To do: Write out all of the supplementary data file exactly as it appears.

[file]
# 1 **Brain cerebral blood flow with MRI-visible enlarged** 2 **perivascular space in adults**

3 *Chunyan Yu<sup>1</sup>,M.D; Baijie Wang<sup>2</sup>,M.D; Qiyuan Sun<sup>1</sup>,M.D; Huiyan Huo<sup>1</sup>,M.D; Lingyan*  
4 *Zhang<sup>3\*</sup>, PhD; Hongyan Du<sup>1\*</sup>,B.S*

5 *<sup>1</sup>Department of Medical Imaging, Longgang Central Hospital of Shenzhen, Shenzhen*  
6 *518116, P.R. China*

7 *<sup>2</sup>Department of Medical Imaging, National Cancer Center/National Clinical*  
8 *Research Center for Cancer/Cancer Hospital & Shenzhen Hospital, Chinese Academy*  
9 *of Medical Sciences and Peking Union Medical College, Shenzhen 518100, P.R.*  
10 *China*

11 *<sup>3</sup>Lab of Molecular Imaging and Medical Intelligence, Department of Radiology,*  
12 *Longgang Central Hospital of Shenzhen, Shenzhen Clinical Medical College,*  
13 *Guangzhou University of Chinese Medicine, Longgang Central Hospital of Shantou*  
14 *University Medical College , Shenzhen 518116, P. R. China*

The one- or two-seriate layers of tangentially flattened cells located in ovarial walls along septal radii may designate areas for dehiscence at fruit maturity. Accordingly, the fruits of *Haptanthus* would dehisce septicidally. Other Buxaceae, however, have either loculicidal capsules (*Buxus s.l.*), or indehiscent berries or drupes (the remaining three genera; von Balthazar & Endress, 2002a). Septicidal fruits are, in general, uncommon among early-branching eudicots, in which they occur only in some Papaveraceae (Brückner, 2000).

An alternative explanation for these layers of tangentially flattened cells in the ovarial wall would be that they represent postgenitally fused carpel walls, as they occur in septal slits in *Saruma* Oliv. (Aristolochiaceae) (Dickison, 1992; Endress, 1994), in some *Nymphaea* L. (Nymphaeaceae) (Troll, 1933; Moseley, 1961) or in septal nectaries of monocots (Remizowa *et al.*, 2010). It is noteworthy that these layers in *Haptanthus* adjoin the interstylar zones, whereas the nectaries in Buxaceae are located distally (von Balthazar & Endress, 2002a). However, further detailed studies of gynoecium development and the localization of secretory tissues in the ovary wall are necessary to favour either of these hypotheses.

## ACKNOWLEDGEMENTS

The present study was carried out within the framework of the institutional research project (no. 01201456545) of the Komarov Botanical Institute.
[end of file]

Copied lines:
# 1 **Brain cerebral blood flow with MRI-visible enlarged** 2 **perivascular space in adults**

3 *Chunyan Yu<sup>1</sup>,M.D; Baijie Wang<sup>2</sup>,M.D; Qiyuan Sun<sup>1</sup>,M.D; Huiyan Huo<sup>1</sup>,M.D; Lingyan*  
4 *Zhang<sup>3\*</sup>, PhD; Hongyan Du<sup>1\*</sup>,B.S*

5 *<sup>1</sup>Department of Medical Imaging, Longgang Central Hospital of Shenzhen, Shenzhen*  
6 *518116, P.R. China*

7 *<sup>2</sup>Department of Medical Imaging, National Cancer Center/National Clinical*  
8 *Research Center for Cancer/Cancer Hospital & Shenzhen Hospital, Chinese Academy*  
9 *of Medical Sciences and Peking Union Medical College, Shenzhen 518100, P.R.*  
10 *China*

11 *<sup>3</sup>Lab of Molecular Imaging and Medical Intelligence, Department of Radiology,*  
12 *Longgang Central Hospital of Shenzhen, Shenzhen Clinical Medical College,*  
13 *Guangzhou University of Chinese Medicine, Longgang Central Hospital of Shantou*  
14 *University Medical College , Shenzhen 518116, P. R. China*

The one- or two-seriate layers of tangentially flattened cells located in ovarial walls along septal radii may designate areas for dehiscence at fruit maturity. Accordingly, the fruits of *Haptanthus* would dehisce septicidally. Other Buxaceae, however, have either loculicidal capsules (*Buxus s.l.*), or indehiscent berries or drupes (the remaining three genera; von Balthazar & Endress, 2002a). Septicidal fruits are, in general, uncommon among early-branching eudicots, in which they occur only in some Papaveraceae (Brückner, 2000).

An alternative explanation for these layers of tangentially flattened cells in the ovarial wall would be that they represent postgenitally fused carpel walls, as they occur in septal slits in *Saruma* Oliv. (Aristolochiaceae) (Dickison, 1992; Endress, 1994), in some *Nymphaea* L. (Nymphaeaceae) (Troll, 1933; Moseley, 1961) or in septal nectaries of monocots (Remizowa *et al.*, 2010). It is noteworthy that these layers in *Haptanthus* adjoin the interstylar zones, whereas the nectaries in Buxaceae are located distally (von Balthazar & Endress, 2002a). However, further detailed studies of gynoecium development and the localization of secretory tissues in the ovary wall are necessary to favour either of these hypotheses.

## ACKNOWLEDGEMENTS

The present study was carried out within the framework of the institutional research project (no. 01201456545) of the Komarov Botanical Institute.